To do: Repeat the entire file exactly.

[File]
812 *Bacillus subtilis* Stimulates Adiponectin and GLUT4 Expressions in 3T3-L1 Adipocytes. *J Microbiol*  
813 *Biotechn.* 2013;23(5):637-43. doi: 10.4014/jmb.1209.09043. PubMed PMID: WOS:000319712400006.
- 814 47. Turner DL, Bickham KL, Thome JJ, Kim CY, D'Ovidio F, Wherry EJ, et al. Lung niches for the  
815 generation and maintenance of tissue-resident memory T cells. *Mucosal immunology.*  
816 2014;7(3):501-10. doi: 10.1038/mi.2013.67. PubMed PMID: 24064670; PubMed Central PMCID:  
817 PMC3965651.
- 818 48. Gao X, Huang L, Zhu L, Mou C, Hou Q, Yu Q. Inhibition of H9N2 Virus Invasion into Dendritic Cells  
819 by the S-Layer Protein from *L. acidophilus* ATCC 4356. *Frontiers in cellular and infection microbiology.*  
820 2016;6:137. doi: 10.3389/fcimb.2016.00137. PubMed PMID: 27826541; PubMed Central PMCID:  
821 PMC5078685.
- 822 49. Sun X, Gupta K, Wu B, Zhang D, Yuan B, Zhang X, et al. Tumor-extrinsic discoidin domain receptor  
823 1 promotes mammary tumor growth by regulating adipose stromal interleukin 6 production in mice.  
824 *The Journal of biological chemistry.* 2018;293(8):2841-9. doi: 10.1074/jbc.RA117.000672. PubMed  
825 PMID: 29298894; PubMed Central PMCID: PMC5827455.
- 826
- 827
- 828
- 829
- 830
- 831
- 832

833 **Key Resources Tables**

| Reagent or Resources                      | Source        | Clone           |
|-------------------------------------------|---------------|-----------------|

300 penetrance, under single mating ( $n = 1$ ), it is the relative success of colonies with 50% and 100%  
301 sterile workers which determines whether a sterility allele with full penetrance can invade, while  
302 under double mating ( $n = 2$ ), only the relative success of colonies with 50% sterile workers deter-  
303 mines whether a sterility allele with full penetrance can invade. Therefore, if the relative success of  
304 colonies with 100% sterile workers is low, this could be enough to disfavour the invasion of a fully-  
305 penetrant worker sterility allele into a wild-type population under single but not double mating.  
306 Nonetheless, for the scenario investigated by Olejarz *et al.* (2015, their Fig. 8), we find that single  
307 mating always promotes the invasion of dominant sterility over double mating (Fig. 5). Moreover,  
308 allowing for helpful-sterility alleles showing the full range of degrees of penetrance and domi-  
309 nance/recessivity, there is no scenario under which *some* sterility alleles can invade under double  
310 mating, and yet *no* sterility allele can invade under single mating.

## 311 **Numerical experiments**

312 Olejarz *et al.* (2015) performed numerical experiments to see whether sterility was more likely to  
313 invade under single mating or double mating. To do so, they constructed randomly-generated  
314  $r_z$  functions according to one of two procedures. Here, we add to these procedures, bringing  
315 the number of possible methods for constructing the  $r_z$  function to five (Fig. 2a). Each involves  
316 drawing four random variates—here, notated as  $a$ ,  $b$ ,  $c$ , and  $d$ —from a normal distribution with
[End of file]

812 *Bacillus subtilis* Stimulates Adiponectin and GLUT4 Expressions in 3T3-L1 Adipocytes. *J Microbiol*  
813 *Biotechn.* 2013;23(5):637-43. doi: 10.4014/jmb.1209.09043. PubMed PMID: WOS:000319712400006.
- 814 47. Turner DL, Bickham KL, Thome JJ, Kim CY, D'Ovidio F, Wherry EJ, et al. Lung niches for the  
815 generation and maintenance of tissue-resident memory T cells. *Mucosal immunology.*  
816 2014;7(3):501-10. doi: 10.1038/mi.2013.67. PubMed PMID: 24064670; PubMed Central PMCID:  
817 PMC3965651.
- 818 48. Gao X, Huang L, Zhu L, Mou C, Hou Q, Yu Q. Inhibition of H9N2 Virus Invasion into Dendritic Cells  
819 by the S-Layer Protein from *L. acidophilus* ATCC 4356. *Frontiers in cellular and infection microbiology.*  
820 2016;6:137. doi: 10.3389/fcimb.2016.00137. PubMed PMID: 27826541; PubMed Central PMCID:  
821 PMC5078685.
- 822 49. Sun X, Gupta K, Wu B, Zhang D, Yuan B, Zhang X, et al. Tumor-extrinsic discoidin domain receptor  
823 1 promotes mammary tumor growth by regulating adipose stromal interleukin 6 production in mice.  
824 *The Journal of biological chemistry.* 2018;293(8):2841-9. doi: 10.1074/jbc.RA117.000672. PubMed  
825 PMID: 29298894; PubMed Central PMCID: PMC5827455.
- 826
- 827
- 828
- 829
- 830
- 831
- 832

833 **Key Resources Tables**

| Reagent or Resources                      | Source        | Clone           |
|-------------------------------------------|---------------|-----------------|

300 penetrance, under single mating ( $n = 1$ ), it is the relative success of colonies with 50% and 100%  
301 sterile workers which determines whether a sterility allele with full penetrance can invade, while  
302 under double mating ( $n = 2$ ), only the relative success of colonies with 50% sterile workers deter-  
303 mines whether a sterility allele with full penetrance can invade. Therefore, if the relative success of  
304 colonies with 100% sterile workers is low, this could be enough to disfavour the invasion of a fully-  
305 penetrant worker sterility allele into a wild-type population under single but not double mating.  
306 Nonetheless, for the scenario investigated by Olejarz *et al.* (2015, their Fig. 8), we find that single  
307 mating always promotes the invasion of dominant sterility over double mating (Fig. 5). Moreover,  
308 allowing for helpful-sterility alleles showing the full range of degrees of penetrance and domi-  
309 nance/recessivity, there is no scenario under which *some* sterility alleles can invade under double  
310 mating, and yet *no* sterility allele can invade under single mating.

## 311 **Numerical experiments**

312 Olejarz *et al.* (2015) performed numerical experiments to see whether sterility was more likely to  
313 invade under single mating or double mating. To do so, they constructed randomly-generated  
314  $r_z$  functions according to one of two procedures. Here, we add to these procedures, bringing  
315 the number of possible methods for constructing the  $r_z$  function to five (Fig. 2a). Each involves  
316 drawing four random variates—here, notated as  $a$ ,  $b$ ,  $c$ , and  $d$ —from a normal distribution with